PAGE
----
Rubella is caused by a virus.
Rubella spreads from person to person through the air. Rubella is contagious but less so than measles and chickenpox.
The incubation period varies from 12 to 23 days (average, 14 days). Symptoms are often mild and may be inapparent up to half of the time.
Rotavirus disease is caused by a virus, the rotavirus. The name rotavirus is derived from the Latin rota, meaning "wheel," because the rotavirus has a wheel-like appearance when viewed by an electron microscope.
Polio is caused by a virus.
Polio is usually spread via the fecal-oral route (i.e., the virus is transmitted from the stool of an infected person to the mouth of another person from contaminated hands or such objects as eating utensils). Some cases may be spread directly via an oral to oral route.
The incubation period of polio is commonly 6-20 days, with a range of 3-35 days.
Pneumococcal disease is caused by Streptococcus pneumoniae, a bacterium. There are more than 90 subtypes. Most subtypes can cause disease, but only a few produce the majority of invasive pneumococcal infections. The 10 most common subtypes cause 62% of invasive disease worldwide.
Pertussis is caused by a bacterium, Bordetella pertussis.
Pertussis is spread through the air by infectious droplets and is highly contagious.
The incubation period of pertussis is commonly seven to 10 days, with a range of 5-21 days.
Pertussis disease can be divided into three stages:
Meningococcal disease is caused by the bacterium Neisseria meningitidis. This bacterium has at least 13 different subtypes. Five of these subtypes, A, B, C, Y, and W-135, cause almost all invasive disease. The relative importance of these five subgroups depends on geographic location and other factors.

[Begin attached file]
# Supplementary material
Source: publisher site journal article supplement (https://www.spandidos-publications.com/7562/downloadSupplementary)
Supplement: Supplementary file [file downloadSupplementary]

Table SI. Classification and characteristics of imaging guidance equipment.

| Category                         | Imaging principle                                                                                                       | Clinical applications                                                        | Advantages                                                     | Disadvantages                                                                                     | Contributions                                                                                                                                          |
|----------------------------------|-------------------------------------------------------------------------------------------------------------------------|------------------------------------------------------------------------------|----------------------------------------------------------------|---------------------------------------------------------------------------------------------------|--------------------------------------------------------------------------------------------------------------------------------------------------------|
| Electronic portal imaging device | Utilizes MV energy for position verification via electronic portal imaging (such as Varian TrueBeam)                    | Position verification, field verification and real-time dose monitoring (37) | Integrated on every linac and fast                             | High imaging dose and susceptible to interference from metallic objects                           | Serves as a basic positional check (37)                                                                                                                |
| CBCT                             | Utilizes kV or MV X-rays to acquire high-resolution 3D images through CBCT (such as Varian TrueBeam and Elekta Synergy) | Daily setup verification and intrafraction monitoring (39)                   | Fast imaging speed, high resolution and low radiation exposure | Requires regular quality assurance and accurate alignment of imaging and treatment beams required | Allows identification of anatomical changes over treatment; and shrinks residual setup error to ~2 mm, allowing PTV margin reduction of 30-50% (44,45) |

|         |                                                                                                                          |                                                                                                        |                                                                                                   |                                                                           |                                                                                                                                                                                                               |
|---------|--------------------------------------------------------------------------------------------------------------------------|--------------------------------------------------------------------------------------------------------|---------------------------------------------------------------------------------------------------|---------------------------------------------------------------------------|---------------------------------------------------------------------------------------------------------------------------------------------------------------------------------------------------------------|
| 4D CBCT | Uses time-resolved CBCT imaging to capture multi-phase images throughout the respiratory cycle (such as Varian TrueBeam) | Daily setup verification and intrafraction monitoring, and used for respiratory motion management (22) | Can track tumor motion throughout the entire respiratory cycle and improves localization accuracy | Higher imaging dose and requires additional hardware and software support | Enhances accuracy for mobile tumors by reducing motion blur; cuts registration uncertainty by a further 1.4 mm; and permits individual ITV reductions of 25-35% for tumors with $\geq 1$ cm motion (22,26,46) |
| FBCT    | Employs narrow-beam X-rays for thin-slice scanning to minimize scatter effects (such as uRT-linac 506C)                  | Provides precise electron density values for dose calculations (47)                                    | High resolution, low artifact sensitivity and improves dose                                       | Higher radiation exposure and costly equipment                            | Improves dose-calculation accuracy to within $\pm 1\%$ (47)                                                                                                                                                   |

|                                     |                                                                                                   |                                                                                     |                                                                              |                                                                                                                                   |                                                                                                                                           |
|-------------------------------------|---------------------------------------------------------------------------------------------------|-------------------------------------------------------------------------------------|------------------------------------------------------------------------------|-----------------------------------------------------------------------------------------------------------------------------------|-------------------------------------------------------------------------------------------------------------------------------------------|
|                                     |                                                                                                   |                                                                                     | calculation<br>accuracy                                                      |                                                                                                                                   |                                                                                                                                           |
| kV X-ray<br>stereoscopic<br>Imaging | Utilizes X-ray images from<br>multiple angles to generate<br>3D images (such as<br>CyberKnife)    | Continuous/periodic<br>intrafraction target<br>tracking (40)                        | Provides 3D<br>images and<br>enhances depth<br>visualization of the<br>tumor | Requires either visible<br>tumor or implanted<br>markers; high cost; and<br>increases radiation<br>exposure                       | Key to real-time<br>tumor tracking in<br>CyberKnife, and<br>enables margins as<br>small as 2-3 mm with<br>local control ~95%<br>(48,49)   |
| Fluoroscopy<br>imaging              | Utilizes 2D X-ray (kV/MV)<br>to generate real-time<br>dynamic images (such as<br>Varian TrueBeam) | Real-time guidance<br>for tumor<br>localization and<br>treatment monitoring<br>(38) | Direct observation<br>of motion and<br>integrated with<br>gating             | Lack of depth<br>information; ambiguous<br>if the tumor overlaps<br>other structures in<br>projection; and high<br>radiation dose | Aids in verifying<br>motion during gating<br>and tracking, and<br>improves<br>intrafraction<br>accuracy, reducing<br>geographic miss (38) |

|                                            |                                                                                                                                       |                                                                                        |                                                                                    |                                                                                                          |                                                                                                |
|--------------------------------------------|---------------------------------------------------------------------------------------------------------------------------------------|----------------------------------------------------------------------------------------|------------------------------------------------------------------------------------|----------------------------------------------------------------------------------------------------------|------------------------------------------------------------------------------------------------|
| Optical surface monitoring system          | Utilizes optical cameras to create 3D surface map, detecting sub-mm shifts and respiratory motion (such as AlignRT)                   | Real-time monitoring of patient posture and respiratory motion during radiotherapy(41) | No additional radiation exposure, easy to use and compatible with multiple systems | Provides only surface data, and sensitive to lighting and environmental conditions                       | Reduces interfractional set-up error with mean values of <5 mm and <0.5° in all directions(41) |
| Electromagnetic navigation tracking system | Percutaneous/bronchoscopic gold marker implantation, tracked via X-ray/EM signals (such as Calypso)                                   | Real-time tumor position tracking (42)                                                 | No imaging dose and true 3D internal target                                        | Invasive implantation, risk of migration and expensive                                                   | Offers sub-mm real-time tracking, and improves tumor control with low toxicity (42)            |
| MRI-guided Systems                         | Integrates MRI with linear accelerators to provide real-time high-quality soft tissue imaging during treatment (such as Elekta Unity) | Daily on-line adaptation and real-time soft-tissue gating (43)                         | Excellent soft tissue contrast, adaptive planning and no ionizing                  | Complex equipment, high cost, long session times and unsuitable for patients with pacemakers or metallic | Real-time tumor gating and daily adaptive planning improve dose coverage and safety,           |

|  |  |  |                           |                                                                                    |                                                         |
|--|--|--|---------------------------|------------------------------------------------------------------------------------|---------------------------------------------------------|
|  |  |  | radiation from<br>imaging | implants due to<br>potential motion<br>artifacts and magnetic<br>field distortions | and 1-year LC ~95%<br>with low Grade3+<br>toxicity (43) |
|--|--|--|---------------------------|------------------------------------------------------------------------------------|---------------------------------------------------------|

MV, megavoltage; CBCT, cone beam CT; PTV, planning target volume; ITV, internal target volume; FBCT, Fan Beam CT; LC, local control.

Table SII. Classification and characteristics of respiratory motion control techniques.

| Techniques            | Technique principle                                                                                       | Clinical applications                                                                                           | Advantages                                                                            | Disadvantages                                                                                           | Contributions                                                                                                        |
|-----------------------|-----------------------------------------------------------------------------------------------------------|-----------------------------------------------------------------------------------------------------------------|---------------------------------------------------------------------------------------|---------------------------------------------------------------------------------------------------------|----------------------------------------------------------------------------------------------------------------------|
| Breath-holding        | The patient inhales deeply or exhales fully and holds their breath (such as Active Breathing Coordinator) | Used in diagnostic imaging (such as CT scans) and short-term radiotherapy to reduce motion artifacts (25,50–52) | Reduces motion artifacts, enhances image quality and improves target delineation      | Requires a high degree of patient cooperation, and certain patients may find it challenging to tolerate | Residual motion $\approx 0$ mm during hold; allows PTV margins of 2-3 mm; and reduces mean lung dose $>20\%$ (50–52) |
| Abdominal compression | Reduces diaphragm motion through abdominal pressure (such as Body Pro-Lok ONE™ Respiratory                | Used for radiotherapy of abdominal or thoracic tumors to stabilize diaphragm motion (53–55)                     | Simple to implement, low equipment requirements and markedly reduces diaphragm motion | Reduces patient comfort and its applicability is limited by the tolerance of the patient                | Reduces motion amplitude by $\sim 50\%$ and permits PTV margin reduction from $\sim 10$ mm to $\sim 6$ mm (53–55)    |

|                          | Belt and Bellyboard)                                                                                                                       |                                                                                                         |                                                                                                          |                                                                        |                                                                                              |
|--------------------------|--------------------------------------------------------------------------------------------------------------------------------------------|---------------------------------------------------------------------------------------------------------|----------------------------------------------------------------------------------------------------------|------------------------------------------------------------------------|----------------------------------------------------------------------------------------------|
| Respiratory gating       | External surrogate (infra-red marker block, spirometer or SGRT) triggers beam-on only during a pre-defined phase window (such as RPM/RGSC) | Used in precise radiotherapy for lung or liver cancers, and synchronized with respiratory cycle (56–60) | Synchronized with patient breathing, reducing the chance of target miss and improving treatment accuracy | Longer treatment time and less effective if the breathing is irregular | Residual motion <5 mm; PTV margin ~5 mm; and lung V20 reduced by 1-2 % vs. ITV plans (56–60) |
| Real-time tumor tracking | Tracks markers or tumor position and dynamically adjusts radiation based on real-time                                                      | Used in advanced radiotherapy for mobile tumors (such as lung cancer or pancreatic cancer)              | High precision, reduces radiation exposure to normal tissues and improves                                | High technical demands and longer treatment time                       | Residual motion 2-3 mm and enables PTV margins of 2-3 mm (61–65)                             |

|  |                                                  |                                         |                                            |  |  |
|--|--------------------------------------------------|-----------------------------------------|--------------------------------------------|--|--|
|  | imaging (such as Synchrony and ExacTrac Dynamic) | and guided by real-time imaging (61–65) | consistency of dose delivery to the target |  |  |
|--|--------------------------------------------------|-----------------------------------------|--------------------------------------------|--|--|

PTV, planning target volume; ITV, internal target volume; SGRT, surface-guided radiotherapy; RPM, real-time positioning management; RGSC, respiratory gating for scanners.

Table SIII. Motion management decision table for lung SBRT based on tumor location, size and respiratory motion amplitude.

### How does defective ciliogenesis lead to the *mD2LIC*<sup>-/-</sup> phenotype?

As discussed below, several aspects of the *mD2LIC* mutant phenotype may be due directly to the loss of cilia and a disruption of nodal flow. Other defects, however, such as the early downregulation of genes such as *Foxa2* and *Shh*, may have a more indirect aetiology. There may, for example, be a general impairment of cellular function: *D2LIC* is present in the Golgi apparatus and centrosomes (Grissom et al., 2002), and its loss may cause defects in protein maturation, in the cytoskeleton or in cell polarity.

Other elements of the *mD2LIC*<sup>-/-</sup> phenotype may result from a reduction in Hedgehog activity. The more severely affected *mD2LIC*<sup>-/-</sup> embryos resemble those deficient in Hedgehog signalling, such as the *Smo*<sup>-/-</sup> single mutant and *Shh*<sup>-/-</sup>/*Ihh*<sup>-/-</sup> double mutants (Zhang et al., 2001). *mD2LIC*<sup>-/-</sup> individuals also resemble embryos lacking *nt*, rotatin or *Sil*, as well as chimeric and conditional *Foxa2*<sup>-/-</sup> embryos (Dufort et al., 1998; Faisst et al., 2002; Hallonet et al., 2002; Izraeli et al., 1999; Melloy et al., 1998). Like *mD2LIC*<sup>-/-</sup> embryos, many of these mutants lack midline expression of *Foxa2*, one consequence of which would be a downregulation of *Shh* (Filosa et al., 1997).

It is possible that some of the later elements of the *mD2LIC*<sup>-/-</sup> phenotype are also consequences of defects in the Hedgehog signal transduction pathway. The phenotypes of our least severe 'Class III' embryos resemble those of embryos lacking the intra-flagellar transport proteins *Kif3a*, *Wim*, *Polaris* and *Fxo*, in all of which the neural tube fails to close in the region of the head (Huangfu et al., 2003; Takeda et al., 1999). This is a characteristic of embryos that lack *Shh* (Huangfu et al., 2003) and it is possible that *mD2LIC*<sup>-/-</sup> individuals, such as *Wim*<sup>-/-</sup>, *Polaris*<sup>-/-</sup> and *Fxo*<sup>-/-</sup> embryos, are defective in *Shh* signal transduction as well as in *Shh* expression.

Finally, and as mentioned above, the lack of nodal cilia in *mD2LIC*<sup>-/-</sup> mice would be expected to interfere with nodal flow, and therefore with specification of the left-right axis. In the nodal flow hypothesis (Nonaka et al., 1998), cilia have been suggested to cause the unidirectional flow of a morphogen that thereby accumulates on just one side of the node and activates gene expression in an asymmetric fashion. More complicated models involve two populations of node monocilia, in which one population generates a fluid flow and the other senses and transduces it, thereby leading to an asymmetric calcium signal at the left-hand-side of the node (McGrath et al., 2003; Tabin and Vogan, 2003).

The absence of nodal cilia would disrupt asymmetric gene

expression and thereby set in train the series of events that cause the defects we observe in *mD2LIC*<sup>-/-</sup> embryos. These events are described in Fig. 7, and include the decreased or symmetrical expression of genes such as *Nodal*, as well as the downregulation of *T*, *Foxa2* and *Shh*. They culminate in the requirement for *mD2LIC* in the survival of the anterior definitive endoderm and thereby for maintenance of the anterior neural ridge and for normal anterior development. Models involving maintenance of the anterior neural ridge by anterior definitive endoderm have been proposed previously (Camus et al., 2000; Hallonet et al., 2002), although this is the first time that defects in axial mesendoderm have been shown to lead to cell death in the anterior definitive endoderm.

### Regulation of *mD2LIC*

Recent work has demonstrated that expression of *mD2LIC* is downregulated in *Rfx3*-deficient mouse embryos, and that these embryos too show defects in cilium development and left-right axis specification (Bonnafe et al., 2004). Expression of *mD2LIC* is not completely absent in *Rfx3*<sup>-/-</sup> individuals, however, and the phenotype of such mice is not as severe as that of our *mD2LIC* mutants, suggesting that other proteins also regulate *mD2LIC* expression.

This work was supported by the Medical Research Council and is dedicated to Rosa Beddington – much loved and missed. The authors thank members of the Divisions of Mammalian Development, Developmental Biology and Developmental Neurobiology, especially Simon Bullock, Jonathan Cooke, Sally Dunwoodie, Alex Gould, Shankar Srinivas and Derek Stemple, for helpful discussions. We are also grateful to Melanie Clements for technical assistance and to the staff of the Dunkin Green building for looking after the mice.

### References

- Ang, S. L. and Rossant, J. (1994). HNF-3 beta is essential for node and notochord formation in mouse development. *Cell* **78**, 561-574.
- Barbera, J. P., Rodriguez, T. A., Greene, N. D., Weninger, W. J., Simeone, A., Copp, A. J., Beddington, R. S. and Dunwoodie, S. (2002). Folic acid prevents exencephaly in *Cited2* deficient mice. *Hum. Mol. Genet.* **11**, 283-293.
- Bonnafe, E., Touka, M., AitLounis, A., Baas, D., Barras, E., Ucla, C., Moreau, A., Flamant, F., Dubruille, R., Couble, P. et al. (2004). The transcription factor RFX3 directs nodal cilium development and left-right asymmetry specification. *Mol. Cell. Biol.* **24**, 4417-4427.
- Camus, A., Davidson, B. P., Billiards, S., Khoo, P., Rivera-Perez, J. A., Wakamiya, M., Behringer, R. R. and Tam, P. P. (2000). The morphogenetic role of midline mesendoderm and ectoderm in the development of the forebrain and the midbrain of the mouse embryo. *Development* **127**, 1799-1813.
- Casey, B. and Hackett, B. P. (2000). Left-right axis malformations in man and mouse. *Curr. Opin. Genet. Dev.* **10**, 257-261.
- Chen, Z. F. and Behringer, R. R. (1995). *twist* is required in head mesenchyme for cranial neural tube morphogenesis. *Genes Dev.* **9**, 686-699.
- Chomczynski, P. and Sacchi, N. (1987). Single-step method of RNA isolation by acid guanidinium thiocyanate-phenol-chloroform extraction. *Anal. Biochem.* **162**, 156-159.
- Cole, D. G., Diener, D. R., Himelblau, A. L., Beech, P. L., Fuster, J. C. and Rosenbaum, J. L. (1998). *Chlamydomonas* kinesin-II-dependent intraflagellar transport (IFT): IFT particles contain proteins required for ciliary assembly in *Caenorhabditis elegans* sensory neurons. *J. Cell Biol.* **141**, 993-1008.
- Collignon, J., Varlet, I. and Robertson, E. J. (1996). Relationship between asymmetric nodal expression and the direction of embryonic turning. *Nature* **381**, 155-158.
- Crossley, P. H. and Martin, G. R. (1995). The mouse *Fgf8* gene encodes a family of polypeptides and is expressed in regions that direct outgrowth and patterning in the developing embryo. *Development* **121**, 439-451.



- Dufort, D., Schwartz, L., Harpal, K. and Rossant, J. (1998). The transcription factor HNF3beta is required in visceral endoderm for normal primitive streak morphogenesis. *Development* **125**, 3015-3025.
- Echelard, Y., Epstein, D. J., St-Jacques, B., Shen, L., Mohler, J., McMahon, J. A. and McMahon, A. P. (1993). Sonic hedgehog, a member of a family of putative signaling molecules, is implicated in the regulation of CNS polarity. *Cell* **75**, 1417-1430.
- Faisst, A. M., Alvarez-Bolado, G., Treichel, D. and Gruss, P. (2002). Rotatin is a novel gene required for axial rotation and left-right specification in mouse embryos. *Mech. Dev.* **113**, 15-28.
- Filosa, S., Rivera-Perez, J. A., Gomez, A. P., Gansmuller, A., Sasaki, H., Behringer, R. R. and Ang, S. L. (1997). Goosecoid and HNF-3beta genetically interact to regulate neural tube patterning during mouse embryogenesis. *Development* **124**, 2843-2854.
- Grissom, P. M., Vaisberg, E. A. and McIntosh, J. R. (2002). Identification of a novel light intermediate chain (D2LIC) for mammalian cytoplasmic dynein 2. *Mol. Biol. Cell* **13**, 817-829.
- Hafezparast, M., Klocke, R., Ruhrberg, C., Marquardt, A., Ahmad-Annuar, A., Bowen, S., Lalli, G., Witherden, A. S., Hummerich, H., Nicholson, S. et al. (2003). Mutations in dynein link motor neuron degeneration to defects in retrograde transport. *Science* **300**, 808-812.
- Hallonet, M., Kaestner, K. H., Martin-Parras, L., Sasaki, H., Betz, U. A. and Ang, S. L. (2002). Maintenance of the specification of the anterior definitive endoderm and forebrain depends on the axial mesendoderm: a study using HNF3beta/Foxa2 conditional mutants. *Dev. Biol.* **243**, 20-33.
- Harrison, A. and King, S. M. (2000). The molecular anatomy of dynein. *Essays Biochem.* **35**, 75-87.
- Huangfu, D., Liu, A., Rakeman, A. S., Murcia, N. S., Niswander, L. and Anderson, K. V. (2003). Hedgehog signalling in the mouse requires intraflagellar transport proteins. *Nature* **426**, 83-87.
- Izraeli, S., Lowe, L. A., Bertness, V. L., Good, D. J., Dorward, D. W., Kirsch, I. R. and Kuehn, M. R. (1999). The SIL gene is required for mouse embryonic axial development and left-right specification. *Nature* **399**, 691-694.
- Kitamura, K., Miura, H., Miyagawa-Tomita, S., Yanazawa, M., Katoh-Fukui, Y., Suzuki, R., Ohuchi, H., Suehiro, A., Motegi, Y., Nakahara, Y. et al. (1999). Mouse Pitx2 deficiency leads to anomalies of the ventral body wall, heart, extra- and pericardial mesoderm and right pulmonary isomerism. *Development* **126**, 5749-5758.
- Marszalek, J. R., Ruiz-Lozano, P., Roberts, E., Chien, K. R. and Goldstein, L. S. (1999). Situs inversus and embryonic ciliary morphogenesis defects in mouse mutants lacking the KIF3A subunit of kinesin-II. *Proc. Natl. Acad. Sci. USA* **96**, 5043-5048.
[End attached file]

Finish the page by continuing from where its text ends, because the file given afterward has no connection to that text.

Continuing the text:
Measles is caused by a virus.
Measles is spread through the air by infectious droplets and is highly contagious.
It takes an average of 10-12 days from exposure to the first symptom, which is usually fever. The measles rash doesn't usually appear until approximately 14 days after exposure, 2-3 days after the fever begins.
Diphtheria is caused by a bacterium, Corynebacterium diphtheriae. The actual disease is caused when the bacteria release a toxin, or poison, into the person's body.
Diphtheria bacteria live in the mouth, throat, and nose of an infected person and can be passed to others by coughing or sneezing. Occasionally, transmission occurs from skin sores or through articles soiled with discharge from sores of infected persons.
Chickenpox is caused by a virus, the varicella-zoster virus.
Chickenpox spreads from person to person by direct contact or through the air by coughing or sneezing. It is highly contagious. It can also be spread through direct contact with the fluid from a blister of a person infected with chickenpox, or from direct contact with a sore from a person with shingles.
Mumps is caused by a virus. In children, mumps is usually a mild disease. Adults may have more serious disease and more complications.
Due to good immunization coverage, mumps is now rare in the United States. An estimated 212,000 cases occurred in 1964, while only 258 cases were reported in 2004. In 2006, outbreaks of mumps occurred in 45 states and the District of Columbia, primarily on college campuses. During January 1-October 7, 2006, 5,783 confirmed or probable cases of mumps were reported to CDC.